Tax is certainly not the most romantic element of your civil partnership planning, but it is an important one. When considering marriage and civil partnership status, most couples are looking for a legal definition of their relationship. This includes the financial aspect and there are several tax advantages to being in both, that you are not entitled to as a couple that simply lives together.
Here we have put together a quick rundown of the basic pros and cons concerning your tax position in a civil partnership.
What negatives are there?
Let’s get the bad news out of the way first. It’s worth talking through your entire financial position with a professional before committing to your civil partnership because there are possible negative impacts. One example relates to identifying the principal private residence tax exemption when selling properties. If you are both selling a property and you are married or in a civil partnership, only one of the properties qualifies for this tax exemption. If you are simply living together, this would not be the case.
On balance, there are more positives than negatives, but planning carefully can help you minimise any downsides.
What are the tax benefits to being in a civil partnership?
As with anything ‘tax’, your whole financial position needs to be considered to get a completely accurate picture – preferably by a professional. But there are some tax rules that apply across the board to those in a civil partnership.
Here are the four big ones:
Capital Gains Tax
You can transfer assets to your civil partner (or married spouse) without having to pay Capital Gains Tax. This is called ‘spouse exemption’ and one of the only stipulations is that you are living together. If you are a couple and only cohabiting, you would not be eligible for this exemption and will have to pay Capital Gains Tax on any asset transfers.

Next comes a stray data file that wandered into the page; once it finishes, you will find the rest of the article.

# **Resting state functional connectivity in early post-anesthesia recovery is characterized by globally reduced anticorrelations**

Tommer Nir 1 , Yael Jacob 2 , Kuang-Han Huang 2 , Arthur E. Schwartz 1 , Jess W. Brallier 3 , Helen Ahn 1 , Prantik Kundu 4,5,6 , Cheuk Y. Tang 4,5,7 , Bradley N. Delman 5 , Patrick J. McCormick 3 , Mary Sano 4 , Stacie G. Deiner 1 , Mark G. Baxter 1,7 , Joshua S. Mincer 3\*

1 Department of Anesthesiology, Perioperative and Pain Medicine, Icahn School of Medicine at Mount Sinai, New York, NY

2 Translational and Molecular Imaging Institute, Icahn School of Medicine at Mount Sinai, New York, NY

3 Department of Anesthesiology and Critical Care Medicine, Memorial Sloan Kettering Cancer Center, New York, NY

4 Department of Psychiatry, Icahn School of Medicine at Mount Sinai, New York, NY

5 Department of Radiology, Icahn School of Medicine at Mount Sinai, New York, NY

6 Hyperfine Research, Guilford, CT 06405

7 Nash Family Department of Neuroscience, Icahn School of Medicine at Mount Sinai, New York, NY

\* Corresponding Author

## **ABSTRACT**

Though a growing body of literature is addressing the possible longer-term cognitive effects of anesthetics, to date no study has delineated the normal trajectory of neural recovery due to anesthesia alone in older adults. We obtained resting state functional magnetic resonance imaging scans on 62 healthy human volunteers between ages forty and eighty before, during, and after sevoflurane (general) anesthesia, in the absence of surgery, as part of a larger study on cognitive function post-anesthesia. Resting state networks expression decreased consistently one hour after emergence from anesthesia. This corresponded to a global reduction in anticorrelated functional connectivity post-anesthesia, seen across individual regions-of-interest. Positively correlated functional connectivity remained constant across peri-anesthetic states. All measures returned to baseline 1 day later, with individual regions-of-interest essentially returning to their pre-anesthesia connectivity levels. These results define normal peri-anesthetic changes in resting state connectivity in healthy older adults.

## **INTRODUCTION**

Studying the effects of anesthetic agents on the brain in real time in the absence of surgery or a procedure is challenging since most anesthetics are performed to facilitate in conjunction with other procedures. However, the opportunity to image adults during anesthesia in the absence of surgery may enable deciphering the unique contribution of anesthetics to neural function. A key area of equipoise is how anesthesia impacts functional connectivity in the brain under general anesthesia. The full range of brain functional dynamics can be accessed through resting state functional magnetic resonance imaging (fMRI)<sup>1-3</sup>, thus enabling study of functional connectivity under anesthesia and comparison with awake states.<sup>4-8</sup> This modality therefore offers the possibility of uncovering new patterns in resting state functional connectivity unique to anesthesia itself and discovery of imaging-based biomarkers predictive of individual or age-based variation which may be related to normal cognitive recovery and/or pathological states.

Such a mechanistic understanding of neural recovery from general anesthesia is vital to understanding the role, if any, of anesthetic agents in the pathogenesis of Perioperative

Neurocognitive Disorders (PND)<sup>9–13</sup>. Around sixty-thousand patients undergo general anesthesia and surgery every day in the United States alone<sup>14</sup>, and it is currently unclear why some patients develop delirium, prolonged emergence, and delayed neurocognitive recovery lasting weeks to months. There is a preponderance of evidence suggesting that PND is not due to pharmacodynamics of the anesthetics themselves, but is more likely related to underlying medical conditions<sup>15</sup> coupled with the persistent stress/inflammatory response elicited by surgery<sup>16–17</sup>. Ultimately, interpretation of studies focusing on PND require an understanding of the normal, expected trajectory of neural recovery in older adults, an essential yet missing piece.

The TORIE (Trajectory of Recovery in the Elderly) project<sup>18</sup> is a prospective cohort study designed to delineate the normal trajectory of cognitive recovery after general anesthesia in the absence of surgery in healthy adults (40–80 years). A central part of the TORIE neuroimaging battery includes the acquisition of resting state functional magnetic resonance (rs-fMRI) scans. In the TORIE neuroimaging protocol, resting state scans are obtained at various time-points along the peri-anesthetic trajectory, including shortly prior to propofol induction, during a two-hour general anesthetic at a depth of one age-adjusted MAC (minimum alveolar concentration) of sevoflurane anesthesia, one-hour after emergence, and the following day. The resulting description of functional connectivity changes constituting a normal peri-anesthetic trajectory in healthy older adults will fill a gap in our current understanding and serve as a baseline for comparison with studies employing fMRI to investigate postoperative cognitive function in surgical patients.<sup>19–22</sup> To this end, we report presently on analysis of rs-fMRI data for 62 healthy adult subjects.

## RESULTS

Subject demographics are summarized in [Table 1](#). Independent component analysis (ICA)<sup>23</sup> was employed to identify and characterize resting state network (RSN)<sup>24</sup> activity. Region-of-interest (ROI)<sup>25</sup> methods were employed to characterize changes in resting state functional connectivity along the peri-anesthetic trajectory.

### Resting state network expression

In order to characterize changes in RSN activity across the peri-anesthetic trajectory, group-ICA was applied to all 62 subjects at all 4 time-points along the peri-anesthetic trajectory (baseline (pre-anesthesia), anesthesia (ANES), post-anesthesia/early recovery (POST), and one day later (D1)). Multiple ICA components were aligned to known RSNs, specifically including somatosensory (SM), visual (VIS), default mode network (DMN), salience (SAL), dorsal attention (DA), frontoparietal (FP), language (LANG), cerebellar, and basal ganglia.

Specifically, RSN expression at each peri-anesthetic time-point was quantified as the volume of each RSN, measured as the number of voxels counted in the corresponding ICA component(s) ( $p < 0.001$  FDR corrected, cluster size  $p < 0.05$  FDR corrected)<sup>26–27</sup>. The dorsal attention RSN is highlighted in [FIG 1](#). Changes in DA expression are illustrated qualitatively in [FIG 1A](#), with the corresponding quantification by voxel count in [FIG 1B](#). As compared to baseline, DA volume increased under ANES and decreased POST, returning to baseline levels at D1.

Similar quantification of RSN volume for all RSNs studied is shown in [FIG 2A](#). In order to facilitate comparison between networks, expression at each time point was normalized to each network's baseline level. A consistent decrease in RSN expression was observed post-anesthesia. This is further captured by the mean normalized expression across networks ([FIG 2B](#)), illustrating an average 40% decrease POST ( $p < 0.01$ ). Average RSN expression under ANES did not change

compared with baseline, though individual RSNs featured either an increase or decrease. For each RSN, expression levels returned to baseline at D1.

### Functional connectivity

As a civil partner, you can claim for Married Couples Allowance. If one partner earns less than the Personal Allowance amount and the other is paying income tax, you can transfer the unused Personal Allowance to the higher earning partner. This can be up to £1,190 and enables the family to benefit from a reduction in total income tax payments.
Planning for death is a significant way for people to minimise that trauma for their families. Inheritance tax can be a huge unexpected burden. If you are in a civil partnership (or marriage), the surviving partner can inherit your estate without being subject to Inheritance Tax. This is an unlimited exemption if both partners are living in the UK. If one partner is living abroad, there are some restrictions on this exemption.
Without civil partnership, or marriage, status, you face paying Inheritance Tax on everything over £325,000.
Dying without a will
If you do not have a will, anything you leave behind after your death is distributed according to the rules of intestacy. This can lead to some incredibly unfair situations for surviving cohabitees that do not have the legal protection of civil partnership (or marriage). As it stands, a civil partner or spouse will automatically inherit their partner’s estate, with allowances for their children. There is no such rule for those living together, unless there is joint property ownership.
Are there any differences between marriage and civil partnerships?
The tax rules are more or less the same for those who choose marriage or civil partnership. At the moment, there is discussion about making civil partnership accessible to straight, as well as gay couples. Because the other differences can carry great meaning. Such as:
- There is no mention of consummation in a civil partnership
- You do not need to exchange vows as part of a civil partnership ceremony]
- An ‘irretrievable breakdown’ of a civil partnership cannot solely be put down to adultery
- On civil partnership certificates, both parents’ names of each civil partner are recorded. This is just the fathers’ on a marriage certificate.
We appreciate that it’s not as exciting as choosing outfits or honeymoon destinations, but it’s worth adding ‘see tax professional’ to your list of preparations. It has taken a lot of persistent work to get to this stage of legal equality and everyone should have all the knowledge they need to maximise their own tax position within their civil partnership.